BOSTON (CNS) — Cardinal Sean P. O’Malley of Boston called upon two priests of the archdiocese to “have a special love for the lost sheep” during their ordination as auxiliary bishops during ceremonies at the Cathedral of the Holy Cross.

Noting that the ordinations of Auxiliary Bishops Robert P. Reed and Mark W. O’Connell Aug. 24 were occurring during the Jubilee Year of Mercy proclaimed by Pope Francis, Cardinal O’Malley said that lost sheep were Jesus’ priority.

He prayed that the bishops’ new ministry allow them to “glimpse the merciful face of the father and the tender love of the Good Shepherd, Jesus of Nazareth.”


Cardinal O’Malley also spoke of the apostles and how their love of God and their devotion to their vocations, their “gifts of ministry,” have been “passed on with the laying on of hands.”

As the ordination ceremony began, the cardinal questioned the bishops-elect on their resolve to perform their duties and uphold the faith. Having affirmed their commitment, the bishops-elect lay prostrate in front of the altar as the assembly prayed the litany of the saints, invoking saints to intercede for them.

The rite continued with the laying on of hands by Cardinal O’Malley, the co-consecrators, Boston’s auxiliary bishops and visiting archbishops and bishops from other dioceses, before the cardinal prayed the Prayer of Ordination. During the prayer, deacons suspended Books of the Gospels over the heads of Bishops Reed and O’Connell, signifying that they are servants to the gospel.

The cardinal then anointed the heads of the newly ordained bishops with chrism oil before presenting each of them with the same Books of the Gospels that were suspended over their heads and commissioning them to evangelize with great patience.

The newly ordained bishops received the symbols of their office — the ring, miter and crozier — after which the bishops present welcomed Bishops Reed and O’Connell with the sign of peace, the fraternal kiss.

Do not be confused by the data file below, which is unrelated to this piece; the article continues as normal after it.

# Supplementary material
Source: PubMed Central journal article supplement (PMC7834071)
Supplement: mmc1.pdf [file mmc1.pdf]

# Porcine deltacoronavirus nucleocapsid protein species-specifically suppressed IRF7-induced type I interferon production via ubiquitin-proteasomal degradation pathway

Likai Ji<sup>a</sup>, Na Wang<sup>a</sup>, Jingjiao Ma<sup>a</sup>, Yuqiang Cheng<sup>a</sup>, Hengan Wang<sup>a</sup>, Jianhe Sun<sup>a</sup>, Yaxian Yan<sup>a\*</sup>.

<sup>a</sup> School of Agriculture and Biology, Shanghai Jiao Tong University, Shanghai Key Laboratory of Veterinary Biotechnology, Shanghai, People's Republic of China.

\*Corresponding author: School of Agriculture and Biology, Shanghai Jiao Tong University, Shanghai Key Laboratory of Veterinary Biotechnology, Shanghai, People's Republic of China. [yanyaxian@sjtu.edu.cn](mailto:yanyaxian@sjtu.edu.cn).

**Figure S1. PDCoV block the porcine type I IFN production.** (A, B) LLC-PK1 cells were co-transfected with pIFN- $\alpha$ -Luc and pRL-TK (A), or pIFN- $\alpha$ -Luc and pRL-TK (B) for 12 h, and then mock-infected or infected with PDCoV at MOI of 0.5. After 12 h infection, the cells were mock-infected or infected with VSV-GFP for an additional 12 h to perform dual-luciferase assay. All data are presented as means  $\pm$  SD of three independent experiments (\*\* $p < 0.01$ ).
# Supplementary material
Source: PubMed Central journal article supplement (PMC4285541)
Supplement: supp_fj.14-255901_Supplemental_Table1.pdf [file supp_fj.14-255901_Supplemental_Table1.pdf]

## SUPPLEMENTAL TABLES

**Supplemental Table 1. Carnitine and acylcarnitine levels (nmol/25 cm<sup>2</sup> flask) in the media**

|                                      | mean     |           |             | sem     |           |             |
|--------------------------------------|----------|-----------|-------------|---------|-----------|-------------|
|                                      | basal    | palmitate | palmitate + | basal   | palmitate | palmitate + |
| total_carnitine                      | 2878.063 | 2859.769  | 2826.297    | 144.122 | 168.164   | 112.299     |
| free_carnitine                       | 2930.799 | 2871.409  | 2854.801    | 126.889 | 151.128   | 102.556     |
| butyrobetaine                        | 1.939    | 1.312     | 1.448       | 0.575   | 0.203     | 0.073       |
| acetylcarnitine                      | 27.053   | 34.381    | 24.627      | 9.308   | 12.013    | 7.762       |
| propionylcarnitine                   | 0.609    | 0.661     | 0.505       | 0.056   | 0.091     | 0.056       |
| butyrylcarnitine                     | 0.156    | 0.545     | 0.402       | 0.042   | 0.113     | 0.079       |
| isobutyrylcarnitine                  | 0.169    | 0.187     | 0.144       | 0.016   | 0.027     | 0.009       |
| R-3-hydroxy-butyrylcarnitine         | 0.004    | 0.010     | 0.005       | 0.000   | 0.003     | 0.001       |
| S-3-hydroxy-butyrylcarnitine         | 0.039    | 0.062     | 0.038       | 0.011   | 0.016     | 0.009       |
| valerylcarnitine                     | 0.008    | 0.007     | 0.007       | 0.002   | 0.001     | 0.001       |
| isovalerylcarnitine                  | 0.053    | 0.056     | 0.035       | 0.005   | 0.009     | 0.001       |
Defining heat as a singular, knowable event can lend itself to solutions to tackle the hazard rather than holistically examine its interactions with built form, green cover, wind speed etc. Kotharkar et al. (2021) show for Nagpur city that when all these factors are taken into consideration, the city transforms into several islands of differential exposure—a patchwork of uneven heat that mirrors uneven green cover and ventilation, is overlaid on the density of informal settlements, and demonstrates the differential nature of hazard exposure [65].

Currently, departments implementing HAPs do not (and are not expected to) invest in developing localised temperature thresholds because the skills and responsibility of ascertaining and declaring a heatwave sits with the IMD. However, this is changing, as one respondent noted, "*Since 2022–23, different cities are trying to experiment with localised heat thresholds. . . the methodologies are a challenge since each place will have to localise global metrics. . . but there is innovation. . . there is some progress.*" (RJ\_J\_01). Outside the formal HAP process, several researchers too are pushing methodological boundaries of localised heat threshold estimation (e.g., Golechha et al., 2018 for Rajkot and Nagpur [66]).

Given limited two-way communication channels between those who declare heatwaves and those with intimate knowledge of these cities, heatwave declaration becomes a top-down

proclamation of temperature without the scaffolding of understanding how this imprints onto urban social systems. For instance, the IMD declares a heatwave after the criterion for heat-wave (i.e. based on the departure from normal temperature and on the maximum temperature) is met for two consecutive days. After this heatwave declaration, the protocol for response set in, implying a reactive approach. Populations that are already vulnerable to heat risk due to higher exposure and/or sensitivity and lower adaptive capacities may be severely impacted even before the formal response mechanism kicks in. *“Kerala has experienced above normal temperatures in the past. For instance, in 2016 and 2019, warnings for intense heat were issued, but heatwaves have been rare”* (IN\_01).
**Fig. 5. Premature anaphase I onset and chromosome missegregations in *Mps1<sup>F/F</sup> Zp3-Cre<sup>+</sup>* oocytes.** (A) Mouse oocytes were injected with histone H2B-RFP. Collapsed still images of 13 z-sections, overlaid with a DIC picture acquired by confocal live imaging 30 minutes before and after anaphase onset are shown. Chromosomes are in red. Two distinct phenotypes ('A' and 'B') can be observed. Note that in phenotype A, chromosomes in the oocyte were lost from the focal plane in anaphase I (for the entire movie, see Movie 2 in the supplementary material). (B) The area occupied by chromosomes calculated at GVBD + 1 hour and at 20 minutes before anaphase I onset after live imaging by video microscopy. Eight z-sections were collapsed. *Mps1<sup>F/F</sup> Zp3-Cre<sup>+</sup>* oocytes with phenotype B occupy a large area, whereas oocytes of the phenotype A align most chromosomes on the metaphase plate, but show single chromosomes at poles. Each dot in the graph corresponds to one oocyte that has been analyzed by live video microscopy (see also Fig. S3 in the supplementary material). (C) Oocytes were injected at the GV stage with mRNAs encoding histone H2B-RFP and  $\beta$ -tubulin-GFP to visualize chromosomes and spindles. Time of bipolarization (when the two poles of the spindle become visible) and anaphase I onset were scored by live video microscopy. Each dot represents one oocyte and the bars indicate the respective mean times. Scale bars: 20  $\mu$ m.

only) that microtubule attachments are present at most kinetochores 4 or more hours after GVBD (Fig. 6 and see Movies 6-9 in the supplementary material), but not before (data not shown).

After the Mass, the new bishops processed through the cathedral to loud applause, blessing members of the congregation before each offered remarks.

“This is a moment for the church and you, we are the church, despite any mistakes we might have made, despite mistakes the church has made, we’re all sinners,” said Bishop Reed, 57.

“But, we’re loved by God without question. And Jesus proved that when he died on that holy cross, and he’s alive, he’s here with us right now. Because of his tremendous mercy, we all have the chance, the hope of going to heaven. That’s why I can say to you, Jesus is our only hope,” Bishop Reed said.

Bishop O’Connell, 52, also drew particular attention to the women religious in attendance by asking them to stand.


He recalled that when he was a “new seminarian,” he discovered a 1970s-era church banner made of burlap with containing the words “Make me an instrument of your peace.” He said that since then, those words have been the “prayer of my priesthood.”

“Through the years, although there have been challenges, my prayer has never changed. Somehow, God has given me the enormous privilege of being able to serve in this role, and at times I have marveled, almost as an observer, to see how he has indeed used me as his instrument,” he said.

“Now, this day, I have become something new, and once again I have no idea, no idea, how God will call me to serve. There are so many people I want to desperately meet and show them their Messiah,” he continued, saying that it’s important for the church to reach out to those who “feel that the church doesn’t want them.”

“By naming our own weaknesses, and today I’m extremely conscious of my own weaknesses, by naming our own weaknesses, we can develop new language, new ways to explain the soundness of our teaching, new ways to show the beauty and authenticity of our faith to the world,” Bishop O’Connell said.

Afterward, Bishop O’Connell’s mother, Margaret O’Connell, told The Pilot, newspaper of the Boston Archdiocese, that it was hard to express the many emotions she was feeling.

“I’m just overflowing,” she said.

She said her son “was always happy in any assignment he got,” noting that she thinks he’ll be happy in this newest assignment, too.

His aunt, Dominican Sister Jean Delaney, was seated next to Margaret O’Connell. She said that Bishop O’Connell is “always there for us,” and has always been and expects he always will be close to her.

“He’s not Bishop Mark, he’s my Mark. Always has been,” she said.


Labbe is on the staff of The Pilot, newspaper of the Archdiocese of Boston.